The Nevada Public Utilities Commission Wednesday approved the first phase of Utilities Inc. of Central Nevada’s plan for remediating the environmental problems at the former Willow Creek Golf Course.
In a hearing item that lasted less than two and a half minutes, PUC Chairman Alaina Burtenshaw, who is from Pahrump, told the board the situation at the former golf course has lasted for four or five years. UICN discharges effluent from a sewer plant at the golf course for use at Willow Creek, which closed in November 2008, and Lake View Executive Golf Course, which is still open, under a Tri-Partite Agreement approved in 2000.
Burtenshaw said the most recent property owner, Caldera P &G, owned by Jim Scott, filed for bankruptcy. UICN was given possession of 15 of the 16 parcels on the former Willow Creek course in bankruptcy court. Burtenshaw said parent company Utilities Inc. would finally have some authority over the use of the effluent; previously golf course owners were responsible for the pipeline and use of the effluent.
“This would allow them to finally for the first time since UI has owned this company, to actually have ownership of the place where the effluent is going to be used as well as the actual effluent in one party’s hands,” Burtenshaw said. “The ponds out there have been a serious issue in the district court out there as well and the person who had owned the property and was responsible for taking care of the ponds had some issues obviously, they were in bankruptcy court.”
Other PUC board members didn’t comment.
The plan calls for UICN to build a new five-acre receiving pond, constructed next to the existing receiving pond that will tie into the existing effluent discharge line. The existing receiving pond will remain in service during construction of the new receiving pond, after it’s completed it will be remediated and rebuilt. UICN will have to remove solids from the bottom of the existing receiving pond, the liner will have to be removed, the existing basin deepened and enlarged to expand storage capacity, relined and reconnected to the pump station. The receiving ponds will also be equipped with floating aerators.
Two overflow ponds which are connected to the existing receiving pond will be taken out of service. These ponds will be cleaned, liners removed and the ponds filled in. Existing overflow pipes will be capped. UICN said the overflow ponds were not permitted.
Pump stations which serve Willow Creek and Lake View golf course will be repaired; the pump house buildings will be removed and pumps and filters replaced. The pump stations and receiving ponds will be enclosed by a chain link fence.
The existing, unlined ponds on the Willow Creek property will be maintained and remain in service.
UICN estimates they will irrigate 80 acres with spray irrigation at Willow Creek Golf Course during the winter months when there is more sewer demand. The company is also bound by agreement to supply Lake View Executive Golf Course with 425,000 gallons per day of the average 600,000 gallons per day of treated effluent. Supplemental irrigation water may be required during high demand summer months. The status of the Willow Creek irrigation system is unknown.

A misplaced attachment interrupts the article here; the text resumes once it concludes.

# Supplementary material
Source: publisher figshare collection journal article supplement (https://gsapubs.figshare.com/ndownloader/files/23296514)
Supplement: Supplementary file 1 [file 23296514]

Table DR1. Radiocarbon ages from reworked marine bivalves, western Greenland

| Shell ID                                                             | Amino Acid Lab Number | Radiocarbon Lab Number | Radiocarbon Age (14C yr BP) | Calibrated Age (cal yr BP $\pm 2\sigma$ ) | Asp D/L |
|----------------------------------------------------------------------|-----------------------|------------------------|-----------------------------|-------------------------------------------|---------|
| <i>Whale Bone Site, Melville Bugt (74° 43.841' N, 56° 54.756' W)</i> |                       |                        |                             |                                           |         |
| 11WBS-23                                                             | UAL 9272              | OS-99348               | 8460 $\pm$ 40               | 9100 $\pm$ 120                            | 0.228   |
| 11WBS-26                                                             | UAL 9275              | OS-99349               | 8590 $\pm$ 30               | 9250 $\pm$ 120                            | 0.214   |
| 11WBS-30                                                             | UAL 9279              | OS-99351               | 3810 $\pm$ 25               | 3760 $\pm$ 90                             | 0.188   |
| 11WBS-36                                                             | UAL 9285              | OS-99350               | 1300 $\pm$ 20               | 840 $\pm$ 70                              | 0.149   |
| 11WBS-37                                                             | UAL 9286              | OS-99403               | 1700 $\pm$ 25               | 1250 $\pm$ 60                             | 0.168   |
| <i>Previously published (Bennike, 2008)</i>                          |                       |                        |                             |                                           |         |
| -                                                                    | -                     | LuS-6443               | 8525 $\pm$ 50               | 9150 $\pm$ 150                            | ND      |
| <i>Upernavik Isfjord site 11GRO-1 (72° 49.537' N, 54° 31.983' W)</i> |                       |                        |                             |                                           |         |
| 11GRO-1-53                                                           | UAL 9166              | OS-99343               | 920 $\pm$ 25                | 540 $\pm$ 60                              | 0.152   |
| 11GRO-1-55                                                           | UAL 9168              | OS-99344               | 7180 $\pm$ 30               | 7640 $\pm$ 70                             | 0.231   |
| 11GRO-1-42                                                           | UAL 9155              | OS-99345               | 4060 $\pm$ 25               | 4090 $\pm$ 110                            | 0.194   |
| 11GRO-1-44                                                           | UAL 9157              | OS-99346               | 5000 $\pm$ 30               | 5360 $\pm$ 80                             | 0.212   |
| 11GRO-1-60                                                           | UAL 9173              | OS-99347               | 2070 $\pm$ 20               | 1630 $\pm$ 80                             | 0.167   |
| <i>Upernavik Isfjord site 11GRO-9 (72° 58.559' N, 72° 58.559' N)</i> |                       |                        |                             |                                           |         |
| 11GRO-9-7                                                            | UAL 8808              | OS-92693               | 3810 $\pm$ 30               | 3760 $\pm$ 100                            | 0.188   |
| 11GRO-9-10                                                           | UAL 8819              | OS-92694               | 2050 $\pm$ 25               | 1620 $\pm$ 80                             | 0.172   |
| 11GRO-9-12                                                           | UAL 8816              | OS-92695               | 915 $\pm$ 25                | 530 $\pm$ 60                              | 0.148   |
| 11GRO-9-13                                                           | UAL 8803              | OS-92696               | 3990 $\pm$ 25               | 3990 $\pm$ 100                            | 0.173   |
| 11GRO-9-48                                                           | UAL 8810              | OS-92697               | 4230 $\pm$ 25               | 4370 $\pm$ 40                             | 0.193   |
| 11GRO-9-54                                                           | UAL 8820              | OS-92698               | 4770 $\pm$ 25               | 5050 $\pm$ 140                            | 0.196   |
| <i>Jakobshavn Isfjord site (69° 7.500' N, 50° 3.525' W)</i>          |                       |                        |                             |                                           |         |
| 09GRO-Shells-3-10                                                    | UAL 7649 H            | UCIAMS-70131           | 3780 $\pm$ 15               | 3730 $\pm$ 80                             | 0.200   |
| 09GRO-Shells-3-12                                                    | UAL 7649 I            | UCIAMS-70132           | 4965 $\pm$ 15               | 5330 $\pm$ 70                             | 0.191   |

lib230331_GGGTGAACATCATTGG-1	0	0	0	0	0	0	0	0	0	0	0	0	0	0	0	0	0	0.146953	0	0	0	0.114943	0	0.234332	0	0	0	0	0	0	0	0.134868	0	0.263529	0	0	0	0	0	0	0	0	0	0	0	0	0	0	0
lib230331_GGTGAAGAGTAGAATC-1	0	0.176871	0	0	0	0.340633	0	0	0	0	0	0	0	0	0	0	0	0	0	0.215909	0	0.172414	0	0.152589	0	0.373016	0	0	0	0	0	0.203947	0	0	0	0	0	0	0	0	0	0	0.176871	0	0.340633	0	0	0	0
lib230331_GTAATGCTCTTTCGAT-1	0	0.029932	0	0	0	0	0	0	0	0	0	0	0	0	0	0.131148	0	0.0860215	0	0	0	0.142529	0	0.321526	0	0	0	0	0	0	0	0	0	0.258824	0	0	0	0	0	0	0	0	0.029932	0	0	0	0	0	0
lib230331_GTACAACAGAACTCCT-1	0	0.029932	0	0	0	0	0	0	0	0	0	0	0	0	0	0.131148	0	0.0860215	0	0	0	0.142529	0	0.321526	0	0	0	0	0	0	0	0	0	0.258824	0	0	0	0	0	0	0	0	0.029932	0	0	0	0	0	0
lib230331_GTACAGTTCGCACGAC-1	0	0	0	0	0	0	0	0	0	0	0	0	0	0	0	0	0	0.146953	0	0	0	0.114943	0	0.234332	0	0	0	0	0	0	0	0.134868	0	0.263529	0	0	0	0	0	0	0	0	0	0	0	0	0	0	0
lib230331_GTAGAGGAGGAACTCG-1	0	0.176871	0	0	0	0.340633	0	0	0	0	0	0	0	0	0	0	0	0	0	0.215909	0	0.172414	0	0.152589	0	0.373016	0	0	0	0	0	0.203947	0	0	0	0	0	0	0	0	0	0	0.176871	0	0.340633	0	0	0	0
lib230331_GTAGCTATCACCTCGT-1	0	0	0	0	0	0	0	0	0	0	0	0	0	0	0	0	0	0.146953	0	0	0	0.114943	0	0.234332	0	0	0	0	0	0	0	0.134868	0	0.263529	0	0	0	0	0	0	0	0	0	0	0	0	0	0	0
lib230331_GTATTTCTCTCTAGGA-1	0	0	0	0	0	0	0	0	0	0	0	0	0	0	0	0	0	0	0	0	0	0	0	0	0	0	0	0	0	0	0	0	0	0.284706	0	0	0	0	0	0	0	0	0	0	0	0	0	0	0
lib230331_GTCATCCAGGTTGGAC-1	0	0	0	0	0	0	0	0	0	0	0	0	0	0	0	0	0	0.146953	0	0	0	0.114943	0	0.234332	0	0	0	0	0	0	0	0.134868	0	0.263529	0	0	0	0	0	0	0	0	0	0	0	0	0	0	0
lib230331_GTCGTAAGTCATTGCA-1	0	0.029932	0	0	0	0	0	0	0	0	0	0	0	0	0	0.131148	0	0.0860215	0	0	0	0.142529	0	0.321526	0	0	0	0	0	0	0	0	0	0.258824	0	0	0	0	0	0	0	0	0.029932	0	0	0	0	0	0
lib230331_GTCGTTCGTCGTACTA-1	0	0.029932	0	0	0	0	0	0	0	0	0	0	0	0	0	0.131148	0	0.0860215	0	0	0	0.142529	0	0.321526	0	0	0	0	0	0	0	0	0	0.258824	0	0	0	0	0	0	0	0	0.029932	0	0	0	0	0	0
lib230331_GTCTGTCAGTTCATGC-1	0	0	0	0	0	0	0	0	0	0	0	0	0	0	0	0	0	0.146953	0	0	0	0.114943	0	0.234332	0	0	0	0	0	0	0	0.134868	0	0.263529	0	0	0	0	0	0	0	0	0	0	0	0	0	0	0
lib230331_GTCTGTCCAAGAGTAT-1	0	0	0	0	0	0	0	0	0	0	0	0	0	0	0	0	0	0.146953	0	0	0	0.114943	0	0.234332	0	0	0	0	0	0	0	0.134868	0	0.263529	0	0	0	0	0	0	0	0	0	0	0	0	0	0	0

The plan also calls for cleaning up the property, removing 143 dead trees, piles of debris, flagging three trees to protect active bird nesting sites, weed abatement on the former back nine, removing salt cedar trees and applying a dust control palliative.
UICN estimates the cost of the improvements at $1.27 million, with pond and pump house construction estimated to take place sometime in the second to fourth quarter of 2014.
The Nevada Division of Environmental Protection, Nye County and the State Clearinghouse for the Nevada Department of Administration Division of Budget and Planning are also required to sign off on the plan.
Burtenshaw said comments at the consumer session in Pahrump primarily dealt with phase two of the project, the PUC was only addressing phase one at the Wednesday hearing. She said UICN will be presenting another amendment to their integrated resource plan to deal with phase two.
At the consumer hearing in Pahrump Oct. 30 members of the Red Rock Audubon Society extolled the virtues of the former golf course for bird watching. Audubon Society member Richard Cantino said the receiving ponds were in dire need of remediation and the entire course was overrun with weeds that could become a fire hazard. Cantino said the course had 5.2 miles of former golf cart paths that could be used for walking or jogging trails.
A couple of residents asked why the property couldn’t be reopened as a golf course.
Lake View Golf Course LLC Secretary Doug Shaw said the phase one plan was the best option to remediate the ponds and give them a reliable source of water. He said the water pipeline from Willow Creek was sometimes clogged due to debris.
UICN Regional Director Wendy Barnett told a small crowd at the consumer session she can’t make any promises what they will do with the former golf course property. She has to ensure safe and reliable operation of the sewer plant first, then she can work with the community on phase two.
“They’ll bring us another amendment to deal with phase two. Phase two is what are we going to do with the 16 parcels out there and how are we going to use that to further utility service,” Burtenshaw told the PUC board.